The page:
Bergholz leader Sam Mullet is hoping to be granted freedom this coming Monday, March 2. That’s the date set for resentencing following the overturning of hate crimes convictions in August.

The prospect no doubt concerns Amish in Ohio and elsewhere fearful of repeats of the beard-cutting attacks of 2011 (or worse).

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Bergholz bishop Sam Mullet

Mullet’s attorney says that “Mullet’s only wish is to return to a peaceful Amish community and put this ordeal behind him.” However, critics might note that the 69-year-old leader has a history of not doing what he says, such as in his promise to prevent future attacks only for another to occur.

Perhaps prison time has worked a change in Mullet’s heart. Though due to his track record, I wouldn’t blame any Amish people for taking anything Mullet claims with an enormous grain of salt.

Others imprisoned will be resentenced as well. Those given one-year terms (6 individuals, including 5 women) have already been released, as have those with two-year terms (2 individuals). Others were incarcerated for five years (3 individuals) and seven years (a total of 4, among them the 2 ministers, including Mullet’s son Johnny), with the longest term of 15 years being served by Mullet.

In an email to attorneys, U.S. District Judge Dan Polster has said that he will likely permit the 8 already released to remain free (to be sentenced to “time served”), but has not given any indication about the 8 remaining in prison.

No doubt Amish in Ohio and many other communities will be greatly anticipating Monday’s news.

What next for Bergholz? And what about forgiveness?

There is of course the question of what will happen to members of the Bergholz community. In the final chapter and epilogue to Renegade Amish, Donald Kraybill speculates about possible outcomes, and also raises the question of forgiveness. He also describes how some have left the community, while progressive change has crept in with leadership absent.

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What lies in store for the Bergholz community? (Marvin Fong/The Plain Dealer)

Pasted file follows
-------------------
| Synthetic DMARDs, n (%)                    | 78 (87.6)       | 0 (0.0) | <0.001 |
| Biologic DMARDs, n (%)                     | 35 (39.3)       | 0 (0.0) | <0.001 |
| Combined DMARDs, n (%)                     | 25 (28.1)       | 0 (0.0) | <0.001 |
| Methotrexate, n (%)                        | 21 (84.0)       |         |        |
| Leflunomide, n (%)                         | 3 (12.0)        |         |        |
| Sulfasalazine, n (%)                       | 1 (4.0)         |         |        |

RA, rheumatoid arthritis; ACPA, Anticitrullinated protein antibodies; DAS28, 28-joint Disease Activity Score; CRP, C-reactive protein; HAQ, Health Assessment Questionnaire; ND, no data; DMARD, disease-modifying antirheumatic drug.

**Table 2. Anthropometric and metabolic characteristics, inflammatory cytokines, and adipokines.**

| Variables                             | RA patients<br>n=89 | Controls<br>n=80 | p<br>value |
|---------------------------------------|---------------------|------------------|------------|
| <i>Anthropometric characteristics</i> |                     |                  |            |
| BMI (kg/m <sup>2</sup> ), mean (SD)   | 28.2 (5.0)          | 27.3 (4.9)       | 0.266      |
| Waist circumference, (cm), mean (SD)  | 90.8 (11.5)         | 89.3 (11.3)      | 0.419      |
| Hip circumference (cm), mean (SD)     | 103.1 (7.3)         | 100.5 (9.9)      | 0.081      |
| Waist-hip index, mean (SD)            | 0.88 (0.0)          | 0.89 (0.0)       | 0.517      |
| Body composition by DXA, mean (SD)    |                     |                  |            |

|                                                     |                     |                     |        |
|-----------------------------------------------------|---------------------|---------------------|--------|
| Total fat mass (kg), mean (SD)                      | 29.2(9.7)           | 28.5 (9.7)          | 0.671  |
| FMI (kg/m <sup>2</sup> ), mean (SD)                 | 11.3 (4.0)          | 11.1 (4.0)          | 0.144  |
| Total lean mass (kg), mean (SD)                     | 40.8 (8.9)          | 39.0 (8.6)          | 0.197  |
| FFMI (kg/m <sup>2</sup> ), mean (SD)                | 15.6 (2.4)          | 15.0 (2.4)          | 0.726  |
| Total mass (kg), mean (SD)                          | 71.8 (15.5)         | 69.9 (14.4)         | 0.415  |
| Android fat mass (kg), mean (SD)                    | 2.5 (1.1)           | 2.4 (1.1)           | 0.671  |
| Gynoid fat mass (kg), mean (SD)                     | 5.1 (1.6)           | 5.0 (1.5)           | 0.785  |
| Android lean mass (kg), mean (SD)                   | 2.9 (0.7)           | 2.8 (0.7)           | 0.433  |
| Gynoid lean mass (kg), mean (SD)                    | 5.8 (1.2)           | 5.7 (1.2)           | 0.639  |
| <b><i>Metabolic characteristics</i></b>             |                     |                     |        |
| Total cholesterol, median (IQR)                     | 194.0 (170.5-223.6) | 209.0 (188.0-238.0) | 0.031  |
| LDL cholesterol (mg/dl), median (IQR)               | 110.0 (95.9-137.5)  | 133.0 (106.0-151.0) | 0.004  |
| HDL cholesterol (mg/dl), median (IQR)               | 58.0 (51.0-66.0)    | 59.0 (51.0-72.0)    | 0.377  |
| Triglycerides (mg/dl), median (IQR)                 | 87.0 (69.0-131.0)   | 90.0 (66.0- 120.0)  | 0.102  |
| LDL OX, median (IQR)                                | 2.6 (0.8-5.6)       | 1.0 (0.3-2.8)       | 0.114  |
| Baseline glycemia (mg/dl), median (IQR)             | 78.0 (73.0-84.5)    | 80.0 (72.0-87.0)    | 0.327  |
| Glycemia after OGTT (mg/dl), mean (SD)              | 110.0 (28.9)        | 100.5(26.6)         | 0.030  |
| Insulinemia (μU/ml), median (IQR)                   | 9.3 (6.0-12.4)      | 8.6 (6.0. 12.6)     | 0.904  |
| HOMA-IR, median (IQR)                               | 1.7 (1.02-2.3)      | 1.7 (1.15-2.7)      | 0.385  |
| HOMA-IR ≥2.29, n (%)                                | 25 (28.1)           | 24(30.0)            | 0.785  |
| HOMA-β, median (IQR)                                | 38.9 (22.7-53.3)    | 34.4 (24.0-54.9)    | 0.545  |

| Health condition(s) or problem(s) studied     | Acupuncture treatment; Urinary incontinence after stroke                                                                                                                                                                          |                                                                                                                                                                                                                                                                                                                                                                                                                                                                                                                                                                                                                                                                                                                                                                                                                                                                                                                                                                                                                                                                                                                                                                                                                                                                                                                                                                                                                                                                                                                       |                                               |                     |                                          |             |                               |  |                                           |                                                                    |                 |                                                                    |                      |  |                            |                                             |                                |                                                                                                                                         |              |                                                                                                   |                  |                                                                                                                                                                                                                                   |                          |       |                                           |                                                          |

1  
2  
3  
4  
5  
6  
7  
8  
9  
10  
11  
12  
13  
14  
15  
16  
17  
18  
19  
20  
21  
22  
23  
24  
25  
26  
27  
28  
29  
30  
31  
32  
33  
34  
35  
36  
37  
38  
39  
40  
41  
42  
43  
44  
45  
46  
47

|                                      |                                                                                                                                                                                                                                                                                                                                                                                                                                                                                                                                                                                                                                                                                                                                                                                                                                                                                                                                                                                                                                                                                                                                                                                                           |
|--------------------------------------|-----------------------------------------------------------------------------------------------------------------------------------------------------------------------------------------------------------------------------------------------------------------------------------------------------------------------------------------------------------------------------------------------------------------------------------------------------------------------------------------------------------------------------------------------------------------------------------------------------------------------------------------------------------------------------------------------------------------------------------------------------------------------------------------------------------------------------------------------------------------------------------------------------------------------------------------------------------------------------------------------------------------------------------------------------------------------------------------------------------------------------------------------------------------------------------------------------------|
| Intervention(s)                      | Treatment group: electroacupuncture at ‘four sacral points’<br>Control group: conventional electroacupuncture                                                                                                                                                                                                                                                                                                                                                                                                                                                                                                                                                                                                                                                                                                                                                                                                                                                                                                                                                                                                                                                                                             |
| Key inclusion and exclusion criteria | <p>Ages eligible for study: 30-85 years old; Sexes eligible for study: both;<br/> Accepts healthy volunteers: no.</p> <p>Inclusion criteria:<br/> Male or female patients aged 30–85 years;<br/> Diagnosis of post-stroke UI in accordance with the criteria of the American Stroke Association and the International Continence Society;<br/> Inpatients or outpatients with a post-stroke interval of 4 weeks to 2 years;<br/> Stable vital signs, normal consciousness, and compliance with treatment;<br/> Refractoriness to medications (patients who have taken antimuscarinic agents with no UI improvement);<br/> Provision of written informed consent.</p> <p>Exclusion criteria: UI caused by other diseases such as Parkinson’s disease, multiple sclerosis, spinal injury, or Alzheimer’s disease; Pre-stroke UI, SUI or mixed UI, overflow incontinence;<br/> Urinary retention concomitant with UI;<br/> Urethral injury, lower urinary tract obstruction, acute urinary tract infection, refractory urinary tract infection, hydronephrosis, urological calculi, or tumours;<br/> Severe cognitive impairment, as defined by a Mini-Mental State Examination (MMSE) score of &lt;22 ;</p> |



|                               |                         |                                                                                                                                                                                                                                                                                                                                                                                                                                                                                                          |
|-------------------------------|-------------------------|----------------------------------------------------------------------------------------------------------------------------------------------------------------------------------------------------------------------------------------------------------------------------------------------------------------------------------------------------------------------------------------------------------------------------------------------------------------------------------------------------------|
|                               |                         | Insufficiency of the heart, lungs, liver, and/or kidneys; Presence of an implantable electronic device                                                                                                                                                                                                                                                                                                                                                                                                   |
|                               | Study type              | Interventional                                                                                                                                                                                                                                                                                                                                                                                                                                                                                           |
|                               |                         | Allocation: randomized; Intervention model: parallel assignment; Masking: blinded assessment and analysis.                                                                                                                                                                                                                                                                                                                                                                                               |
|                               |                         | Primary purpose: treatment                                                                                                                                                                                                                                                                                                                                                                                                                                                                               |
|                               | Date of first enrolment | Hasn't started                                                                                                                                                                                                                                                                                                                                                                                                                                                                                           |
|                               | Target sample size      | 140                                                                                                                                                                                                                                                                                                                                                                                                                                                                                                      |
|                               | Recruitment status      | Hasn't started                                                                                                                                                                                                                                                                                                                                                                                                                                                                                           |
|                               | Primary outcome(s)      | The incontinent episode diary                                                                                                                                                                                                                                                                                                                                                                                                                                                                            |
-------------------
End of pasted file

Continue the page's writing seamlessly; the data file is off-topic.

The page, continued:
Another question that has arisen throughout this case is addressed in the book, and remains relevant for their future: Is the Bergholz group a cult? Interestingly, Kraybill describes them as “not a full-blown cult” but as “a clan with some cultlike features” (p. 143).

He lists 25 deviations from Amish norms, including “Terminating Sunday worship services”, “Accepting sexual misconduct”, “Censoring some incoming and outgoing mail”, “Condoning physical punishment to discipline adults (paddling)” and “Using the Old Testament as a primary source of authority” (see p. 139 for full list).

So it’s unsurprising when one Amishman quoted says that “These people are totally not Amish” while an Amish scholar states that “They removed themselves from the Amish world when they stopped having church services.” (p. 138-139).

Ultimately the impression I got after reading Kraybill’s book is that of an off-the-rails community in the control of a powerful, influential leader assured of his own righteousness. Combined with an unrepentant heart and a desire for revenge, there could be danger ahead if Mullet is released.

On a more positive note, despite the fact that they have been essentially disowned by many of their former co-religionists, members of the Bergholz community and even Sam Mullet himself could find a way back into the Amish fold.

To their credit, Amish would offer forgiveness. One ex-member of Bergholz quoted in Renegade Amish says that “Even today the Fredericktown people and related congregations, even today, they would forgive Sam and accept him back if he was contrite, and confessed, and returned to them” (p. 149).

Likewise, a minister at Fredericktown, a community where Mullet once lived, said “Yes, we’d gladly take him back into the church if he repented and confessed” (p. 149).

But with all we’ve seen in this case, that’s a big “if”.